While it still must pass several stages of review, a Justice Department Proposal suggests that the US Drug Enforcement Administration is taking steps to reclassify marijuana as a “less dangerous” drug. This reclassification could mean acknowledging the potential medical benefits of the drug but stops short of legalization.

The next stages will include a period of public commentary as well as an assessment by the White House Office of Management and Budget and a review by an administrative judge. There’s a long road ahead, and opponents of reclassification could have many opportunities to stand in its way.

Rescheduling: Reasons and Implications

The push for reclassification comes after President Joe Biden requested a review of marijuana’s classification last year. Currently listed as a Schedule I drug, marijuana is classified alongside substances like heroin and LSD. The proposed shift reflects growing recognition of marijuana’s medical potential and aims to align federal policy with evolving attitudes toward cannabis.

Reclassifying marijuana to Schedule III would not legalize recreational cannabis nationwide. Instead, it would subject marijuana to less stringent regulations, allowing for some medical uses while maintaining federal criminal penalties for unauthorized trafficking. This change is unlikely to affect existing medical marijuana programs or recreational cannabis markets in states where it is legal. However, it could impact research efforts and taxation policies related to marijuana businesses.

Impact on Research

One potential benefit of rescheduling marijuana is the facilitation of research. Currently, the Schedule I classification creates barriers to conducting authorized clinical studies involving marijuana.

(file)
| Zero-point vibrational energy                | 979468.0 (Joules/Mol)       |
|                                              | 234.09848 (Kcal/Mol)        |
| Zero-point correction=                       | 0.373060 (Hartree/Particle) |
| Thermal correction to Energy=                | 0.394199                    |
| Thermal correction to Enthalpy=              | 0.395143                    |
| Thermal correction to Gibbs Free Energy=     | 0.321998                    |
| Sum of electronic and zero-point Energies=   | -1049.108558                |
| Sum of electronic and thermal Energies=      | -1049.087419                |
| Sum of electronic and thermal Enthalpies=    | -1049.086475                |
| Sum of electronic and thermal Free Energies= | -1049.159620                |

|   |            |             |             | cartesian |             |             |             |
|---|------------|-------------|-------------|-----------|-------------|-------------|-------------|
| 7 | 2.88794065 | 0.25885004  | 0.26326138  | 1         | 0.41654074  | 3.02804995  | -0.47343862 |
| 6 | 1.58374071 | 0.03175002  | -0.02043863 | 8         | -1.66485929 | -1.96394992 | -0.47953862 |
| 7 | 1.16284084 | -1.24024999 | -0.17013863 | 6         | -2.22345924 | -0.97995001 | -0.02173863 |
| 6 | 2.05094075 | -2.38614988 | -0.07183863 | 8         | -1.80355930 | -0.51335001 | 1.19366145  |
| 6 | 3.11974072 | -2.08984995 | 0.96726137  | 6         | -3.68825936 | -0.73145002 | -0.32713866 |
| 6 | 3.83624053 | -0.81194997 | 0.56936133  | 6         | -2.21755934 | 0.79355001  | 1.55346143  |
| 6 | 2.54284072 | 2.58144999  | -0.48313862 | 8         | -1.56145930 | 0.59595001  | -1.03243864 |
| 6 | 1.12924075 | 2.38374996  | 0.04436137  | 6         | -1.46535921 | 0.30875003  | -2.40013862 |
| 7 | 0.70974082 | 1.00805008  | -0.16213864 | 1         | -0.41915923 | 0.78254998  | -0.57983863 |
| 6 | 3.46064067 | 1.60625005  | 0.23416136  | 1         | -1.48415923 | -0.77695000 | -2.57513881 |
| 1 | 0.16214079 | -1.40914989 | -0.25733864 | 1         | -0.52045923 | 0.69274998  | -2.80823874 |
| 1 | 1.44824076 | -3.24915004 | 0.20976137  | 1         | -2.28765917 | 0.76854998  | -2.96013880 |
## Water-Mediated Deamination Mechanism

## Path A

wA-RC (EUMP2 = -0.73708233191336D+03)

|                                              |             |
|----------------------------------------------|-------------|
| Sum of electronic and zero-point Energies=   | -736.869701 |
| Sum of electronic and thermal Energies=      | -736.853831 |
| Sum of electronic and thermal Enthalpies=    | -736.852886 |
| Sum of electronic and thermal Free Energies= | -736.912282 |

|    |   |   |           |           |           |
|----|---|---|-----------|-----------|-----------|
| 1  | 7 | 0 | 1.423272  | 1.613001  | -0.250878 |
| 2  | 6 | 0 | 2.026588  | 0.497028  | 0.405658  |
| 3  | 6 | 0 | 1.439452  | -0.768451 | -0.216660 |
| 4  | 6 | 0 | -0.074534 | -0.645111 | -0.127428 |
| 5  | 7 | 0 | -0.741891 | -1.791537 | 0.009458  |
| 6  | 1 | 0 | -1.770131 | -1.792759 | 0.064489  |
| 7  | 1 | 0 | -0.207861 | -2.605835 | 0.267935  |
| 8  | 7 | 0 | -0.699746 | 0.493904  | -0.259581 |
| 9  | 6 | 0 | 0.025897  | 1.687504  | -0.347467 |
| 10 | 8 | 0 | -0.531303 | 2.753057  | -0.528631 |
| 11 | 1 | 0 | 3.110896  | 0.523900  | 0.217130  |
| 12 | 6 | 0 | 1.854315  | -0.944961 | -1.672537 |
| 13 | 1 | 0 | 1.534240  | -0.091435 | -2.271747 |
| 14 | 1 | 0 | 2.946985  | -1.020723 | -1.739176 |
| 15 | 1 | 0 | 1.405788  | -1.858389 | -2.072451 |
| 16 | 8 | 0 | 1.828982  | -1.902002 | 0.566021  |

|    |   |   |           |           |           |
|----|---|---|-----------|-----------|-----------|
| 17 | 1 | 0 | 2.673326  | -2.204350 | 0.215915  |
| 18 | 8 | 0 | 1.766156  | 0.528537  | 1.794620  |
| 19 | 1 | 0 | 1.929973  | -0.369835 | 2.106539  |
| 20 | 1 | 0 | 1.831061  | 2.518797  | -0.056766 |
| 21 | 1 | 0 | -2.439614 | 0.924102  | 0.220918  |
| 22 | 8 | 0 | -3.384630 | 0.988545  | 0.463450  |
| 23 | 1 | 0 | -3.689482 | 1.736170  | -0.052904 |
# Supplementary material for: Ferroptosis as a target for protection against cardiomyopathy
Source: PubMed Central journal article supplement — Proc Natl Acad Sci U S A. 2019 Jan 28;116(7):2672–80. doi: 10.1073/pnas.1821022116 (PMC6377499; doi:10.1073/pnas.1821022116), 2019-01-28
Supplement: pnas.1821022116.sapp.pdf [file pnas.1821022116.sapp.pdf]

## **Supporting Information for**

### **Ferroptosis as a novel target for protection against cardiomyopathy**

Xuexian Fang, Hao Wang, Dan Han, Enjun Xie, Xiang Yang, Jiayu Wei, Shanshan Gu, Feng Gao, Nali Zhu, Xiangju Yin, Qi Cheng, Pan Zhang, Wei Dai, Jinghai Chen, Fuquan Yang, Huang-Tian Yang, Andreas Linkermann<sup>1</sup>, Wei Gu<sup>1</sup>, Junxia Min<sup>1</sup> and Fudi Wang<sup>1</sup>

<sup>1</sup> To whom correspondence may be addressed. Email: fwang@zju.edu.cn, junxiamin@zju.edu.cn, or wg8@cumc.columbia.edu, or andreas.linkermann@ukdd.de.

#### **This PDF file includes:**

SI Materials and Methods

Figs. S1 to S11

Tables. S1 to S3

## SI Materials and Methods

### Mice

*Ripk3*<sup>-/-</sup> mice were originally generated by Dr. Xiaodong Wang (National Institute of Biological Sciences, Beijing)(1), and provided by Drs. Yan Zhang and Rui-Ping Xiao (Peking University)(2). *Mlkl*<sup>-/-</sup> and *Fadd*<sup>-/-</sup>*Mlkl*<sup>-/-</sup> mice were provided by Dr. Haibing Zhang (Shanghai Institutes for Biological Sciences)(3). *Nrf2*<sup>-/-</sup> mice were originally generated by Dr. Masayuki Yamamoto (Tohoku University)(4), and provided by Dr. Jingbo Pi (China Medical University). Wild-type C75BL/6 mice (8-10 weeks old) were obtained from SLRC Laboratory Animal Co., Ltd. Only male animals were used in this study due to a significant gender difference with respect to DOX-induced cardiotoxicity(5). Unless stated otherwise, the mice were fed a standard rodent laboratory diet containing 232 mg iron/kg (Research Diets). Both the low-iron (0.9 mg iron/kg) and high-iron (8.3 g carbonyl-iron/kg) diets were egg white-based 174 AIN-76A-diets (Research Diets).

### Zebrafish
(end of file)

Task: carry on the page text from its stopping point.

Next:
Reclassifying marijuana to Schedule III could make it easier for researchers to study the drug, though challenges may remain. Additionally, the reclassification could have implications for taxation policies affecting marijuana businesses, potentially reducing tax rates and allowing for greater competitiveness in the industry.

National Pressure

Some states have urged the U.S. Congress to provide clarity on the legality of marijuana under the Federal Controlled Substances Act. Requests like this are part of ongoing efforts at the state level to address federal marijuana policies. Various bills and resolutions introduced in state legislatures across the country have put pressure on the federal government to act on marijuana regulation. 

In one example, California passed a resolution urging Congress to permit financial institutions to serve the cannabis industry. The inability of cannabis-related businesses to use the national banking system has been an ongoing problem for marijuana businesses operating in states that allow them.

Several other states, including Alaska, Georgia, and New Jersey, have called on Congress to reconsider marijuana’s classification or grant states greater authority over marijuana policy. The National Conference of State Legislatures (NCSL) has actively advocated for state sovereignty in marijuana regulation, supporting legislation to protect states with legal medical marijuana programs from federal enforcement actions. 

Despite these state-level initiatives, marijuana remains classified as a Schedule I controlled substance under federal law, signaling ongoing tensions between state and federal policies regarding cannabis legalization and regulation.

Criticism and Challenges

While the proposed reclassification has garnered support from some quarters, it has also faced criticism. Opponents argue that rescheduling marijuana is too incremental and fails to address broader issues surrounding federal drug policy. Critics also express concerns about the potential consequences of maintaining federal criminal penalties for marijuana trafficking, particularly for communities disproportionately impacted by drug enforcement efforts.